Most Americans did not expect the quick succession of events in Ukraine leading to the removal of President Viktor Yanukovych or the emergence of Crimea as a flashpoint in Ukraine-Russia relations. The situation in Crimea is just the most recent example of how quickly and unexpectedly the international political and economic landscape can change. These changes can adversely impact U.S. business people and investors who have exposure in places such as Russia and Ukraine.
For example, the U.S. and EU have introduced a series of selective sanctions against Russia and some individuals for their role in the current crisis but have indicated that broader sanctions against certain sectors of the Russian economy are possible. Russia has responded by putting a travel ban in place for several American officials. One of the Russians included in the U.S. sanctions, parliamentarian Andrei Klishasa, went further- introducing a bill to allowing for the confiscation, expropriation and nationalization of western assets in response to these U.S. / EU sanctions although it is unclear whether this bill will gain any momentum. Given the interconnectedness of the global economy (including Europe’s reliance on Russia for about 30% of its natural gas), a widening of the crisis or quid pro quo sanctions could impact U.S. businesses with exposure in Russia, Ukraine or Europe.
Fortunately there are solutions which can mitigate the risk of loss due to political risks. These solutions include coverage against political violence, war, confiscation, expropriation, nationalization, forced abandonment and selective discrimination. In addition to coverage, these solutions often provide access to a global network of experts who continually monitor political risk in emerging or frontier markets.
The deterioration of relations between Russia and the U.S. and Europe and events in Crimea are a reminder of the value of protecting your investments and assets (fixed, mobile or inventory) against the perils of political risk. You may also wish to consider protecting your trade receivables against buyer non-payment especially for your international accounts.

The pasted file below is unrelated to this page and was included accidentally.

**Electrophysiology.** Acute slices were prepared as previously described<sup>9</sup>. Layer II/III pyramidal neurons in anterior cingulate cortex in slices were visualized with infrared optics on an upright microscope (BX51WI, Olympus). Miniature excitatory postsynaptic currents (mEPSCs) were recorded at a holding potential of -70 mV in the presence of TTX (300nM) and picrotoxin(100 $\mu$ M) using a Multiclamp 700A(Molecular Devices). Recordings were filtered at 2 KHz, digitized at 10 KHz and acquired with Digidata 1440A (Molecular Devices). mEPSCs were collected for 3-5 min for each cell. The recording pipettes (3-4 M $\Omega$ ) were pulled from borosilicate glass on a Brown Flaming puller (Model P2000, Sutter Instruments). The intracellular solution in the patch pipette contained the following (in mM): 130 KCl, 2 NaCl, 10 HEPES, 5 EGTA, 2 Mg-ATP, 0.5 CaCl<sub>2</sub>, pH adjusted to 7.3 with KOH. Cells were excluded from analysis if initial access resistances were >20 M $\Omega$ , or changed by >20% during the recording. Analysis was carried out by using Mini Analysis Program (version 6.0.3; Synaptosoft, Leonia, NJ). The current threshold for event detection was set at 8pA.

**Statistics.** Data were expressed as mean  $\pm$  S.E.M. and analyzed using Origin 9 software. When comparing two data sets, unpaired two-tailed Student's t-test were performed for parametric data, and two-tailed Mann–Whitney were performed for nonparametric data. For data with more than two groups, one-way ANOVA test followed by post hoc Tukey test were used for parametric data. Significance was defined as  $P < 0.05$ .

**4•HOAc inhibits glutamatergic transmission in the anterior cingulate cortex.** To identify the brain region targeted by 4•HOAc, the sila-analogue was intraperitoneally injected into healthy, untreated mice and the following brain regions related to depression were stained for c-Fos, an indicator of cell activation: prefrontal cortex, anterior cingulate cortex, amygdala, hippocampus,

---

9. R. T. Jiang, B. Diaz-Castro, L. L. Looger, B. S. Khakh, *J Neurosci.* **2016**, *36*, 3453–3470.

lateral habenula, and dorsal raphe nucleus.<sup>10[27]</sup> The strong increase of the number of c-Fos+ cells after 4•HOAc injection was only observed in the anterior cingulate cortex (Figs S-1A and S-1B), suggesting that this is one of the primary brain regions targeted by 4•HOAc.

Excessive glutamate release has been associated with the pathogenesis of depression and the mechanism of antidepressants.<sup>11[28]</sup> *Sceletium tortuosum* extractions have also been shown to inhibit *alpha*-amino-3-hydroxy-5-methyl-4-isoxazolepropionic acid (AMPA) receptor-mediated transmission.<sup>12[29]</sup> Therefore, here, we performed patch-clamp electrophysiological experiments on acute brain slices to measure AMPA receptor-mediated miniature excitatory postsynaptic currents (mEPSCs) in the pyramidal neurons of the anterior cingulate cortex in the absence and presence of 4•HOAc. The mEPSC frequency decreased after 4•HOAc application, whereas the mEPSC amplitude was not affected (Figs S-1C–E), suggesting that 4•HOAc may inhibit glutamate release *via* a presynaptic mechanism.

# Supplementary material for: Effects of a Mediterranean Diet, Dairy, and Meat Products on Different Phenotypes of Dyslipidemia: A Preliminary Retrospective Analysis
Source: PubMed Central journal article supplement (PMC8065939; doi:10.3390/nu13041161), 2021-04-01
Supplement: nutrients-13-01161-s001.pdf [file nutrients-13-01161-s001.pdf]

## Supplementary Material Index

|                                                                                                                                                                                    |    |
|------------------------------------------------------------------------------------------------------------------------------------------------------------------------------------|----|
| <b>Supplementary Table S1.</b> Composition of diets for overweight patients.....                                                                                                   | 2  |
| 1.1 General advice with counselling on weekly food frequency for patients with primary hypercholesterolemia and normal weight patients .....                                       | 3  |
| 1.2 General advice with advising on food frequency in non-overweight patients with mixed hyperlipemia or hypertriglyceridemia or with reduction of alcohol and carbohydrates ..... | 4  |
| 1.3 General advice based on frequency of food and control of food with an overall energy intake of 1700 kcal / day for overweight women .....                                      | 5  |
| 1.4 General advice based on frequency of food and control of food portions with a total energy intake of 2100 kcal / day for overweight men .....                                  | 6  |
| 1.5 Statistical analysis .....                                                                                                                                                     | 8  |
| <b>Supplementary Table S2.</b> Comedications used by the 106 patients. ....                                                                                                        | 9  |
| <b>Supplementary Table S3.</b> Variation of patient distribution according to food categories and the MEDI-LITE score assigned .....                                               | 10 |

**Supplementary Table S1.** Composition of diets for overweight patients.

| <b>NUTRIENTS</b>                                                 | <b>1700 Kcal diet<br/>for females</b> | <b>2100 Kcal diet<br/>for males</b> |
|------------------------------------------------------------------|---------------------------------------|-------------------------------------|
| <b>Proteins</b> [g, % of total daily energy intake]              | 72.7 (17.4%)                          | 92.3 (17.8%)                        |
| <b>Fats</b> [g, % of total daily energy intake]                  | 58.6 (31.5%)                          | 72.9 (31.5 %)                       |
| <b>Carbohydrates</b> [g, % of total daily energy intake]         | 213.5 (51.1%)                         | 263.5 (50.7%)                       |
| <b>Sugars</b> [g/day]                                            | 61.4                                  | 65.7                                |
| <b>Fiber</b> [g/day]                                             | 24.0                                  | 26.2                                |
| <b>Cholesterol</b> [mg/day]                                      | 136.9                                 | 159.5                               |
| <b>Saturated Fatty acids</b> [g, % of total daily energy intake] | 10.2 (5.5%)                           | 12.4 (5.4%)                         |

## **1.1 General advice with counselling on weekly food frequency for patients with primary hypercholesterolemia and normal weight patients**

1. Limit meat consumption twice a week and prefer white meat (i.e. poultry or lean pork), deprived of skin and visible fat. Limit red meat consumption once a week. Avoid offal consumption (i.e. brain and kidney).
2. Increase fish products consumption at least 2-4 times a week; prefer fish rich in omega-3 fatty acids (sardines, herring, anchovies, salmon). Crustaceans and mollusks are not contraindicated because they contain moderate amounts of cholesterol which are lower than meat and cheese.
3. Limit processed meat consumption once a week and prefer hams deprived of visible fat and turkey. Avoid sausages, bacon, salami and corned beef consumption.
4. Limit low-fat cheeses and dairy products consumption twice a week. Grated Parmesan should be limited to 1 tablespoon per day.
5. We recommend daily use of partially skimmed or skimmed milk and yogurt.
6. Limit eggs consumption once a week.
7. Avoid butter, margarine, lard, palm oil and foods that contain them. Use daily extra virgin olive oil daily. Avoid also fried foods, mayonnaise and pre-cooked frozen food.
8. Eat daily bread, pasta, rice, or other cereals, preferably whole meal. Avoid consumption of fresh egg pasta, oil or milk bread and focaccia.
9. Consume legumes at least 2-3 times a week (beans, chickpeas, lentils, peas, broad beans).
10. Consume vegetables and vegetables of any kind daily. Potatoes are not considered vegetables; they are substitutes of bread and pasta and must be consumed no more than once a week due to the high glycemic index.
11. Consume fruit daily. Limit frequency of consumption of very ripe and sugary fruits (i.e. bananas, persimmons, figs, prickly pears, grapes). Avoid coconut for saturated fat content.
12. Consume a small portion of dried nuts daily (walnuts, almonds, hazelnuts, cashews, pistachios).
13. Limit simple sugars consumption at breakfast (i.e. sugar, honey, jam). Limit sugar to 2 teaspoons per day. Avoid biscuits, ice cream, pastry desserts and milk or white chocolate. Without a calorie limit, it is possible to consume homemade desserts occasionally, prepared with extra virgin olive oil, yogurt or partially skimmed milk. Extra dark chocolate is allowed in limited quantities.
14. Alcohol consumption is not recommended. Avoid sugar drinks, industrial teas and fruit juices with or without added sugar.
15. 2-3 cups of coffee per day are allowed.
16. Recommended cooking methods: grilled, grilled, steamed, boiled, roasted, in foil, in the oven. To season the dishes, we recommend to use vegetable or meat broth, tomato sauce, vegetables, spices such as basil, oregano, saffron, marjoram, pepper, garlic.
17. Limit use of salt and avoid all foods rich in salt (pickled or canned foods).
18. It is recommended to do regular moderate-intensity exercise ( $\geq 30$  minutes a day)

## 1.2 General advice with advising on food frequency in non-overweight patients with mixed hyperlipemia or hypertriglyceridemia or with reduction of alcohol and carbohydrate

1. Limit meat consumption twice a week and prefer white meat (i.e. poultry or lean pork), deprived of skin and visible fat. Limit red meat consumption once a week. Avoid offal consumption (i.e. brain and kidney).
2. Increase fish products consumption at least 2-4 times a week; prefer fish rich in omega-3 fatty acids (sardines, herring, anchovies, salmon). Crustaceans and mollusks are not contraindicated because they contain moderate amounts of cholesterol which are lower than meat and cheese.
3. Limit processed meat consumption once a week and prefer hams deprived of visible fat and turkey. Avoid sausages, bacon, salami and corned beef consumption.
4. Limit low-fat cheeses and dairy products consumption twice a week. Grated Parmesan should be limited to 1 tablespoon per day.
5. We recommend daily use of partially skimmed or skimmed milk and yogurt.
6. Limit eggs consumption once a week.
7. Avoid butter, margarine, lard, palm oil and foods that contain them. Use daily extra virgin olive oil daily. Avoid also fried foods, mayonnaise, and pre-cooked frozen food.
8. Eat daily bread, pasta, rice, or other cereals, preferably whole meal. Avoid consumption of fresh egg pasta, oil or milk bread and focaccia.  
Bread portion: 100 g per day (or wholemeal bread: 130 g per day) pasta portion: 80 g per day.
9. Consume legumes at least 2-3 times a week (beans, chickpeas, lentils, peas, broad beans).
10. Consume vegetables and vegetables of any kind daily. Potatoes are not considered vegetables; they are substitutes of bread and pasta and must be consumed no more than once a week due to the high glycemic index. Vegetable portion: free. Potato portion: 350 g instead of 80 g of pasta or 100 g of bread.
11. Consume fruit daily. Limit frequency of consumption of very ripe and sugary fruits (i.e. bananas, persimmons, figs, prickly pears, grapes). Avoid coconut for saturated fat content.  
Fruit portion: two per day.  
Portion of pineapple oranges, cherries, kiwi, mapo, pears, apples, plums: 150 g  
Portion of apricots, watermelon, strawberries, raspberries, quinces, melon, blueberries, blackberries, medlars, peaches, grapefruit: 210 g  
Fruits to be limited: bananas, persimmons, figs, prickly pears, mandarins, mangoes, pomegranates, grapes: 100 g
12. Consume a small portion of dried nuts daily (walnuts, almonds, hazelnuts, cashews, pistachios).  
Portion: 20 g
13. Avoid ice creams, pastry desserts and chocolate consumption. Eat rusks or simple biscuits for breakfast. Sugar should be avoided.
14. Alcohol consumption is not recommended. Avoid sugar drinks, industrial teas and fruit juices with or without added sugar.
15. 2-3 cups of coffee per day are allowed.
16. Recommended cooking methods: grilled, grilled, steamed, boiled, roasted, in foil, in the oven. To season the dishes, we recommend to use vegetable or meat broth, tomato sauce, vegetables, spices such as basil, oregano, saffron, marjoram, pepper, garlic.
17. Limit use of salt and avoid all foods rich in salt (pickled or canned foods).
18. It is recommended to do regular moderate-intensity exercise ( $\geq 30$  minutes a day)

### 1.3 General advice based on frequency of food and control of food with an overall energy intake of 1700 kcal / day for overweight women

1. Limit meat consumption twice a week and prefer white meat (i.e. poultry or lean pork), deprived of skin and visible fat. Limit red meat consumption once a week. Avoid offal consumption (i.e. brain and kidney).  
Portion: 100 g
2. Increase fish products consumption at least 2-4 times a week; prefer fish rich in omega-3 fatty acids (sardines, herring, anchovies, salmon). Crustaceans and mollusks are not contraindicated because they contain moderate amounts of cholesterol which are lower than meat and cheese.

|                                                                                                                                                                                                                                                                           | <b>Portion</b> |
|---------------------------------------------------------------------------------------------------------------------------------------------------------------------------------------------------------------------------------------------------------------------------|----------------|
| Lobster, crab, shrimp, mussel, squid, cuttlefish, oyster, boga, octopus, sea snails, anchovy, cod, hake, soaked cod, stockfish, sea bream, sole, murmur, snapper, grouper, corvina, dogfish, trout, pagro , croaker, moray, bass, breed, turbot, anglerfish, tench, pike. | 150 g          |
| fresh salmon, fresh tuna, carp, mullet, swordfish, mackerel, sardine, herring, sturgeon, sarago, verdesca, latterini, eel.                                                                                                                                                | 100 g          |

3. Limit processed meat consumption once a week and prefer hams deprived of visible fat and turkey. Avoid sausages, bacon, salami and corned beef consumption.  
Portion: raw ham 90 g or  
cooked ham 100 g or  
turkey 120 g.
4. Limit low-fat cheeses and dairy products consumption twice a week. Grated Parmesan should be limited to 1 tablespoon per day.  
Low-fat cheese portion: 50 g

For more information see U.S. Freezes Assets of Russian Businessmen and Bank Close to Putin
Being claim ready starts with three things: Coverage, Compliance, and a Complete Claims Package. Let’s delve into each one.
One of the most critical aspects of trade credit insurance deals with having coverage on the legal entity with whom you are trading. As you know, legal entities are only responsible for their debt obligations and have their own distinct credit profile or credit worthiness. Underwriters of trade credit insurance approve coverage on a legal entity. If you, as the insured, sell to a different legal entity than the one you have coverage on, the underwriter has grounds to deny your claim. We recommend that before you begin any trading relationship, you request information that clarifies the legal entities to which you are selling. In some cases, there may be a holding company, parent company, or subsidiaries and it is critical you understand the legal relationships with each other. Legal entities may also us various fictitious names such as trade styles or Doing Business As (DBAs). Requesting a W9 on your trading partner often helps this process.
Trade credit insurance policies are “contracts of adhesion” which means that the insured has to adhere to the conditions of the policy. In other words, a valid claim must be in compliance with the wording of the policy. For a claim to be paid, It is imperative to be in compliance in these key areas: paying premiums, reporting requirements, filing claims by the relevant deadlines, and providing appropriate supporting documentation. This is covered in a Complete Claims Package.
Complete Claims Package
We recommend starting a file for each of your trading partners and keeping the file current with each shipment. What sorts of information you keep will depend on the details of your coverage, but in general, the following represent some of the items an insurance carrier will request with any notification of claim form: purchase orders, proof of delivery, invoices, and statements of account. These seemingly commonplace documents can often be challenging to gather once a buyer goes into default. One insurance carrier, The Export-Import Bank of the United States of America (Ex-Im), places great importance on having the exporter prove, through documentation, that the buyer received the goods. Ex-Im’s position protects them and ultimately the U.S. taxpayer against seller fraud. It also helps with the collection process since documentation is evidence that the buyer received the goods. Those currently insured with Ex-Im are strongly encouraged to review their policies. Many sellers are selling on Incoterms of Ex-Works (EXW) and bills of lading show goods being delivered to a U.S. location before being exported. In this scenario, Ex-Im will require further proof that goods were received by the buyer. Trying to ascertain this information when the buyer is financially distressed can be difficult.